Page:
Visit to Gelder Group Environmental Project, 24 July 2013

     Some two dozen Gainsborough Group members and friends arrived at the Gelder Group Head Quarters on Tillbridge Lane, to find a new species of Gatekeeper, the Linda Woodwardus, fluttering back and forth opening the employee car park gates. Linda, who had organised the visit, handed over to Jean Blades, who introduced Gelder’s Simon Blaydes (not a known relation but she’s sure there’s a connection between the families somewhere in the past). Simon is the Groups Environmental Project Warden, and gave an introduction to the Award winning Environmental Project before leading the walk, along with his colleague and nature enthusiast Kate Brown.

     We gathered by the very impressive information board showing a layout of the Project including the various habitats and features that had been specifically created. The Project was an early dream of company founder and Managing Director Steve Gelder and was formally opened by the Duke of Gloucester in 2010, when a commemorative oak was planted.

     The Environmental Project has been in development for some 8 to 10 years and is starting to mature nicely. Covering 16 acres, and planted up with 3800 native trees of fifteen species with extant trees and valuable Hawthorn hedges retained, it provides habitat for a wide variety of typical mammals, birds, amphibians, reptiles and fish. Perhaps the most spectacular and visible is the family of Kestrels; as we entered the network of paths, two of the recently ringed, newly fledged chicks were visible and audible on the roof of the brick-built Kestrel/Owl tower, with an adult perched nearby. Since the Tower was sited 3 years ago it has been inhabited each year by Kestrels and Barn Owls. The Project is equipped with numerous nest boxes with Blue Tits, Great Tits and Robins all fledging with success this year alone.

     After taking a good look at the surprisingly large Kestrel fledglings, we passed the amphibian pond, which Simon told us contained frogs and toads and hopefully newts will soon find it. The paths had been constructed of recycled Carboniferous Limestone; (a white inert by-material produced in the manufacture of construction aggregates) and form several opportunities for exploration as they meander through areas of vigorously growing grasses and flowering plants.

     A variety of butterflies including Large White, Small White, Meadow Brown, Small Tortoiseshell, Comma, Large Skipper and Gatekeeper (the usual one). Lively conversation ensued following the identification of Cinnabar Moth catapillars.

     A pair of Yellow Wagtail was seen from a distance on the playing field area near the car park, and when we approached the lake, a pair and youngster of this attractive species were bathing at the base of the reeds. Simon explained that the lake contains mostly Rudd, Ghost Carp and Skimmer Bream along with Gudgeon, Roach and Ide. The Lake offers several fishing platforms and is topped up with controlled amounts of pumped fresh water from the adjacent River Till. This action helps balance seasonal evaporation and subsequently creates a wet meadow habitat to the east that is attractive to specific plants, insects and waders that to date have included Snipe and Green Sandpiper. A Kingfisher perch had been created in the eastern corner of the Lake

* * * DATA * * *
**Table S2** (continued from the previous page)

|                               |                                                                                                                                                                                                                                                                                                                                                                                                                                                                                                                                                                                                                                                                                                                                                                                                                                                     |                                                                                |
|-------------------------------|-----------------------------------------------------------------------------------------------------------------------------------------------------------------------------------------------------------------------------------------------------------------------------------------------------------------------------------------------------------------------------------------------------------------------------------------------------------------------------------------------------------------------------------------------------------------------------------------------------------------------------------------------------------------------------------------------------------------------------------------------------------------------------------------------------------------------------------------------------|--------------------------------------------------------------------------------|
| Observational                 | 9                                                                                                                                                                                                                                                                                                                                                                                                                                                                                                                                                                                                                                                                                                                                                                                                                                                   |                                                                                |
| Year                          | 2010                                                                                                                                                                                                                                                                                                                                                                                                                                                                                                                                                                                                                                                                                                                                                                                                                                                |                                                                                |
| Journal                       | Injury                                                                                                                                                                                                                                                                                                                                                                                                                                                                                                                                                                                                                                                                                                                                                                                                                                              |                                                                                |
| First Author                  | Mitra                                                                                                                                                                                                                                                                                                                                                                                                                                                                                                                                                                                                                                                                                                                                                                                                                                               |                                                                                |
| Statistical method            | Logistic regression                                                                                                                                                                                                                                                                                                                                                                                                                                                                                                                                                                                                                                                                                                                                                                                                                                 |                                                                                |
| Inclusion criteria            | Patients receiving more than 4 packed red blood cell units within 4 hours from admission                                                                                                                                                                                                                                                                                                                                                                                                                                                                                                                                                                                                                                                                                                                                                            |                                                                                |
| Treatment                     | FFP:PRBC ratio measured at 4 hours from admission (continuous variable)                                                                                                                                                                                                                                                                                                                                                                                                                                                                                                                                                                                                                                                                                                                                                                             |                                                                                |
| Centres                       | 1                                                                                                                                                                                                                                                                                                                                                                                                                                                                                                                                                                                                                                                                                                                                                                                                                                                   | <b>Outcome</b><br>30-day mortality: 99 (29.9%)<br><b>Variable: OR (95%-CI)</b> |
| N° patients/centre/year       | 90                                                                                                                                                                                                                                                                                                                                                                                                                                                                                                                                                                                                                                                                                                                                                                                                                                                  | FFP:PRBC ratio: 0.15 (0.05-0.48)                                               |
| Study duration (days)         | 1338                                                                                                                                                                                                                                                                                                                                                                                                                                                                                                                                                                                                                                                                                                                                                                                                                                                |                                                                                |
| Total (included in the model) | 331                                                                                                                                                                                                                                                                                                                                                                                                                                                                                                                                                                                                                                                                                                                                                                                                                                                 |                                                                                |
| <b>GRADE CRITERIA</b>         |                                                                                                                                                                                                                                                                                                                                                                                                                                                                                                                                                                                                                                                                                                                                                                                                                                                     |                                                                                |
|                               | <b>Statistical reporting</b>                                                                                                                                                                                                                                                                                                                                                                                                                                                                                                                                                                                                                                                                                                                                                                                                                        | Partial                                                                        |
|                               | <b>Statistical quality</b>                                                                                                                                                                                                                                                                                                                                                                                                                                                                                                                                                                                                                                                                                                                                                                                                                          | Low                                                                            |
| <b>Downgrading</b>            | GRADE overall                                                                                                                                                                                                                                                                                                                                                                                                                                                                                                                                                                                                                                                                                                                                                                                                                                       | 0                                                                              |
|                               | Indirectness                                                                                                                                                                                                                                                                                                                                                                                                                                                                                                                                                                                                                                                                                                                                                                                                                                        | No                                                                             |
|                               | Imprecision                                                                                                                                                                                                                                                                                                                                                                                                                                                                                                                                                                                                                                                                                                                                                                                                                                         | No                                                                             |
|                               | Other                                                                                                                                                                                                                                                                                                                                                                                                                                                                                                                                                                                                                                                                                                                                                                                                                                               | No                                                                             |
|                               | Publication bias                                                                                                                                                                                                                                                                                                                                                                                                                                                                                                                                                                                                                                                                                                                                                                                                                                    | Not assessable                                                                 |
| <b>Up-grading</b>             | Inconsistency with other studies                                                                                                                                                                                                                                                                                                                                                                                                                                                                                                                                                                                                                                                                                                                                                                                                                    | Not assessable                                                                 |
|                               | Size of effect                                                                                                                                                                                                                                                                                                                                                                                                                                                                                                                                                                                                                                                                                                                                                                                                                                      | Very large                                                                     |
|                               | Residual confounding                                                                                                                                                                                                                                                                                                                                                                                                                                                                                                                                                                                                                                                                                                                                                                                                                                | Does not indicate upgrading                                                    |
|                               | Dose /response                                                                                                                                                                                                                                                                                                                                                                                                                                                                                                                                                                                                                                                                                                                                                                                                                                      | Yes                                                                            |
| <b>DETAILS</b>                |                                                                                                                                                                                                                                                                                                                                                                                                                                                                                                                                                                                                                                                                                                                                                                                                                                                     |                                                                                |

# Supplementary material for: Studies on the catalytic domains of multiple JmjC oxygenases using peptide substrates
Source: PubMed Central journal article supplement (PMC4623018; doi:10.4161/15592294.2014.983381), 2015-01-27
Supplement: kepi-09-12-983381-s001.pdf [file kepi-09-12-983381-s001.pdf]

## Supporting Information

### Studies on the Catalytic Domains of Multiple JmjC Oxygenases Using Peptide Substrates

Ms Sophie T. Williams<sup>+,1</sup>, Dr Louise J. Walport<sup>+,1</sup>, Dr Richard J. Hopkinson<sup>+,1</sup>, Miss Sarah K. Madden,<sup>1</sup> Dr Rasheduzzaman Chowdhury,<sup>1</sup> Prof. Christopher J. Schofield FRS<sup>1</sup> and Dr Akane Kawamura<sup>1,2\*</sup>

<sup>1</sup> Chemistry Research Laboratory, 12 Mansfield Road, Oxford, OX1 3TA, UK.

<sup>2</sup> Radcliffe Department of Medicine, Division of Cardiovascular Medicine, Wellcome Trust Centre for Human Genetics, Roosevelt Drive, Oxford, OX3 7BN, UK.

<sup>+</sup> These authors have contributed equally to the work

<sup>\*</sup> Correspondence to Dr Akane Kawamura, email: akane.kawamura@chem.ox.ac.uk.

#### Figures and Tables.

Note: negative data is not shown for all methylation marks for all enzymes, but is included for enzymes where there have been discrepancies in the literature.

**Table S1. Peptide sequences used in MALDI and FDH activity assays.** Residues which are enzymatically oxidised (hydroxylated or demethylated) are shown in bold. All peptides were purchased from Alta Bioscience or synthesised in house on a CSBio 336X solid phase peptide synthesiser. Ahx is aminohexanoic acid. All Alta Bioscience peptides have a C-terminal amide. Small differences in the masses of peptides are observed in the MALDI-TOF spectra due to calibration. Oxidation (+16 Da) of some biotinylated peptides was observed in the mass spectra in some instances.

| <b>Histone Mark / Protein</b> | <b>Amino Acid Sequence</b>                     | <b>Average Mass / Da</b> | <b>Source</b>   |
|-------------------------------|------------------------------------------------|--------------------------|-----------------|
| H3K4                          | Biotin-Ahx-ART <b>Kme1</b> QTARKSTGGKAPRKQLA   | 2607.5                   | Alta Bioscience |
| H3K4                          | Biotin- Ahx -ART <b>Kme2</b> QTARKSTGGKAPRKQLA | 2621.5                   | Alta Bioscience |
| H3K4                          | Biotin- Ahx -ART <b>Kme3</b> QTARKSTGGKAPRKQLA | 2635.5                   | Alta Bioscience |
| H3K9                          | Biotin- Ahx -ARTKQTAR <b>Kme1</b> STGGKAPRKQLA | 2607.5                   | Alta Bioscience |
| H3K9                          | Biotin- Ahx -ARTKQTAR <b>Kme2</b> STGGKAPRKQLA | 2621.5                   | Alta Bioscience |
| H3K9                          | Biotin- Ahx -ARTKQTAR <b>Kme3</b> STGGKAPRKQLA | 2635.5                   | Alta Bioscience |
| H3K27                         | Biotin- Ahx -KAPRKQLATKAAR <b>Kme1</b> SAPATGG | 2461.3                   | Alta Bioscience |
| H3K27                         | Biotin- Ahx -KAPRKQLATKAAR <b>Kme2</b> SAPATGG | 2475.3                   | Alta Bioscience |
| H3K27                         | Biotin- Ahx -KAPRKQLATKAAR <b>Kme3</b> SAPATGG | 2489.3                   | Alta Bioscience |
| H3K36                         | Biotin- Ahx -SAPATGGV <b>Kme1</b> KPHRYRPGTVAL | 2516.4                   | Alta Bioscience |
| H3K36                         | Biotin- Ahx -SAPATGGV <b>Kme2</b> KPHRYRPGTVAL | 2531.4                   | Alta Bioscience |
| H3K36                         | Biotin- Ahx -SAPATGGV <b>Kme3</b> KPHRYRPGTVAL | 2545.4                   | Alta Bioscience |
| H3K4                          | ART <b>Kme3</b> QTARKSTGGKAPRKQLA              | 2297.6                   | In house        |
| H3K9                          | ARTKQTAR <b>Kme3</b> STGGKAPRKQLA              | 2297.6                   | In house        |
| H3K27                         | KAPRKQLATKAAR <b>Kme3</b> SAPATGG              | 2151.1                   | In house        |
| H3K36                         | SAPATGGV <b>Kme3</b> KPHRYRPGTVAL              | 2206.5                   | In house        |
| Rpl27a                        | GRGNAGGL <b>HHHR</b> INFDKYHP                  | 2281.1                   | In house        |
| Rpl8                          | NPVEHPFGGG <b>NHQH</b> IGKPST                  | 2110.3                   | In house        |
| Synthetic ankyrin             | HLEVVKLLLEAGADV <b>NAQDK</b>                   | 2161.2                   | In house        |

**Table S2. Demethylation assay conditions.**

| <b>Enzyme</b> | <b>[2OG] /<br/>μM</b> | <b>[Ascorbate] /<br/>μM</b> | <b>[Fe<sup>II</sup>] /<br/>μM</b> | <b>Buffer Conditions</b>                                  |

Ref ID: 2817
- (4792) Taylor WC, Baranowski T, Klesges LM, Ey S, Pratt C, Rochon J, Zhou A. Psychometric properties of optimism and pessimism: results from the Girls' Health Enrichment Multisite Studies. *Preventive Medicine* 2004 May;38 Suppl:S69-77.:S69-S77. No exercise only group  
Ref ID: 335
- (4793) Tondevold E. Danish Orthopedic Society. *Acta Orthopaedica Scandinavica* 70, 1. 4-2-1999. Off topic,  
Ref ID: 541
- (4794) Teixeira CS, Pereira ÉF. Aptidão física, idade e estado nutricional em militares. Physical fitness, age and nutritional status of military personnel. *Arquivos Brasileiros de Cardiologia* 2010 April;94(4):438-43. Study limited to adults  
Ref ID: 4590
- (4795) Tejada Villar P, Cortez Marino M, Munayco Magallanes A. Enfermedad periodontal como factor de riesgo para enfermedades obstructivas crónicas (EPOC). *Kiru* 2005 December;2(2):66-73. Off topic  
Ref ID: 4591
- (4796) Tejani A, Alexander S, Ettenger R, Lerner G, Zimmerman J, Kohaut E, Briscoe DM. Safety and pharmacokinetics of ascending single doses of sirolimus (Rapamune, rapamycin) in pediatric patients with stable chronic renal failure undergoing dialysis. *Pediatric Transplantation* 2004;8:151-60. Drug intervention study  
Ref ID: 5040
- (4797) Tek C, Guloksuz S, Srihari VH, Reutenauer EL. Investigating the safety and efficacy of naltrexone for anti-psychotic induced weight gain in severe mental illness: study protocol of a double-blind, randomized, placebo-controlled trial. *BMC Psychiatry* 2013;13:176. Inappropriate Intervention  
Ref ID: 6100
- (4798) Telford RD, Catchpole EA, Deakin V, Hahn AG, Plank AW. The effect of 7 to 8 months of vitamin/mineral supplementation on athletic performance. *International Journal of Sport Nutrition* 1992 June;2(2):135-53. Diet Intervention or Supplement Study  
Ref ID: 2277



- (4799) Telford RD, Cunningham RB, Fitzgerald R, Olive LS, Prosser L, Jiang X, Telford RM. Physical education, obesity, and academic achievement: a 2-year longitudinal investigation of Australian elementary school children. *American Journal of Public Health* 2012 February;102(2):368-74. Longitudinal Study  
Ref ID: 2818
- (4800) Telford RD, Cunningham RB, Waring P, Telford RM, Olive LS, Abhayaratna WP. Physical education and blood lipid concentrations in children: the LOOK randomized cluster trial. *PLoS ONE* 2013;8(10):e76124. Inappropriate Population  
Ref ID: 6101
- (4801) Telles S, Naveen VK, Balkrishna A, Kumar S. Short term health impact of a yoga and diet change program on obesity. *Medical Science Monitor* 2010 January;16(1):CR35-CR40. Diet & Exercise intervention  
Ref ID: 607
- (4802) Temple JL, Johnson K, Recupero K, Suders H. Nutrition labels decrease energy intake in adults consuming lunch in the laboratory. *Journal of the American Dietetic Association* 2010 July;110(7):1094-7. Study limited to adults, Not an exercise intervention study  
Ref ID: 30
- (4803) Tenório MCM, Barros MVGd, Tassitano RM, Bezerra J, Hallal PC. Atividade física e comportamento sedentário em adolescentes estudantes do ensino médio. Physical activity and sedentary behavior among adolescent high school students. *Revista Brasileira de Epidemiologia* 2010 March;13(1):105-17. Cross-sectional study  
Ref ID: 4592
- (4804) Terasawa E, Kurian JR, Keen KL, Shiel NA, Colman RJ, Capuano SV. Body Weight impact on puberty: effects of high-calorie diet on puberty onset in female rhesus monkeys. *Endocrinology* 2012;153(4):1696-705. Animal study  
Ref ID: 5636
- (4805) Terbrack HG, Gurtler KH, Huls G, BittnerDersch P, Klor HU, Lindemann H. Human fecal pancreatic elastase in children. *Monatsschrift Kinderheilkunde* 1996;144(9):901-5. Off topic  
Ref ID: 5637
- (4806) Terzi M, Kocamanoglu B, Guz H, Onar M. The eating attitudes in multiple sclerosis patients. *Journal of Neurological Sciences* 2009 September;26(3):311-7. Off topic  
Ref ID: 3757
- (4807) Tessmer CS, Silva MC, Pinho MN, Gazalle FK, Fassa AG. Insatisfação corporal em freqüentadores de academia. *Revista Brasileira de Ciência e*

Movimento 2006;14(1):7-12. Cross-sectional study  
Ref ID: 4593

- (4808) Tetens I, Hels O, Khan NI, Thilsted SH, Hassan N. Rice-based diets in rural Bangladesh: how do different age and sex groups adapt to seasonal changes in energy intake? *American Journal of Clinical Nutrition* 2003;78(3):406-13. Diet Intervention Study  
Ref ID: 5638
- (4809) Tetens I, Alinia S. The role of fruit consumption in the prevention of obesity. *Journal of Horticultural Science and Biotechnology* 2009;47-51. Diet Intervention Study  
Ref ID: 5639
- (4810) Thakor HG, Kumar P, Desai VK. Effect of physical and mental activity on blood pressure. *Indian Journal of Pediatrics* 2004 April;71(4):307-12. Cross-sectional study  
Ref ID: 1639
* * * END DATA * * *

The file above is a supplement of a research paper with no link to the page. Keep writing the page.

As we continued to follow the sinuous path, we noted several plants of Bristly Ox-tongue. Log piles and decaying timber debris have been specifically located around the Project and provide valuable terrestrial habitats for amphibians, homes for small mammals, Beetles, Wood louse and lots of other creepy crawlies!

The site is bordered by the Till to the west, and there are public footpaths along its bank and on the eastern boundary. We eventually reached the eastern footpath, just about the same time as the Red Arrows RAF display team performed a few spectacular manoeuvres and then peeled off one by one to land at RAF Scampton.

Our route took us behind the Kestrel Tower near which a Barn Owl was flying. A pair has been seen recently near the Tower which has some vacant spaces, so perhaps they may nest soon.

     The Gelder Group head quarters is serviced by its own Bio-Treatment Plant which discharges clean water back into the River Till. A rainwater harvester services the Groups toilets and supplements water for washing the company vehicles. The Group recycles over 90% (compared to the 72% industry standard) of its own site waste at its recycling plant – Greentech located a few miles from HQ at Dunholme.

     The walk concluded on the bank of the River Till, where Yellow Water Lily was spotted. Simon noted that if one wished to walk along the riverbank in this area, it was probably better to park at Thorpe Bridge, some ¾ of a mile north, and walk south as there isn’t much safe parking on Tillbridge Lane at this point.

     After a group photo at the starting point and an invitation from Alison and Rodger Brownlow to come for refreshments at their Westwood home, we left the site, having enjoyed a most interesting and pleasant visit. This enjoyment continued at the Brownlow’s; they served lovely homemade cake, home-grown cherries and cuppas, and the conversation about what we’d seen and other countryside matters rounded off an excellent field meeting.

By Karin Negoro with assistance from Simon Blaydes

For more information on the Gelder Group Environmental Project and their Environmental Awards see the following links:


2) Green Apple Environmental Award 2012

3) Gelder's Eco Board

Field Trip to Idle Valley Nature Reserve, Retford – Wed 8th May 2013

17 people came to see more of the reserve for themselves after Di’s indoor talk to the Group in April. We had a quick look around the Visitor Centre area and then Warden Martin Fisher took us on a suitable walk further afield. The evening was overcast so wildlife activity was at a minimum, but we were able to get a feel for the place should we venture further on future visits! There are 5 way marked walks of varying lengths (up to 6 miles), and one of them is a 1.4 mile walk on an easy path around Bellmoor Lake. This starts from the Visitors Centre and its amenities, and is ideal for a stroll if in that area.

AGM followed by talk on Idle Valley Nature Reserve, Retford - Wed 24th April 2013

A wonderful turnout for an AGM when we were treated to some lovely food after the evening’s speaker – homemade soup and plum bread!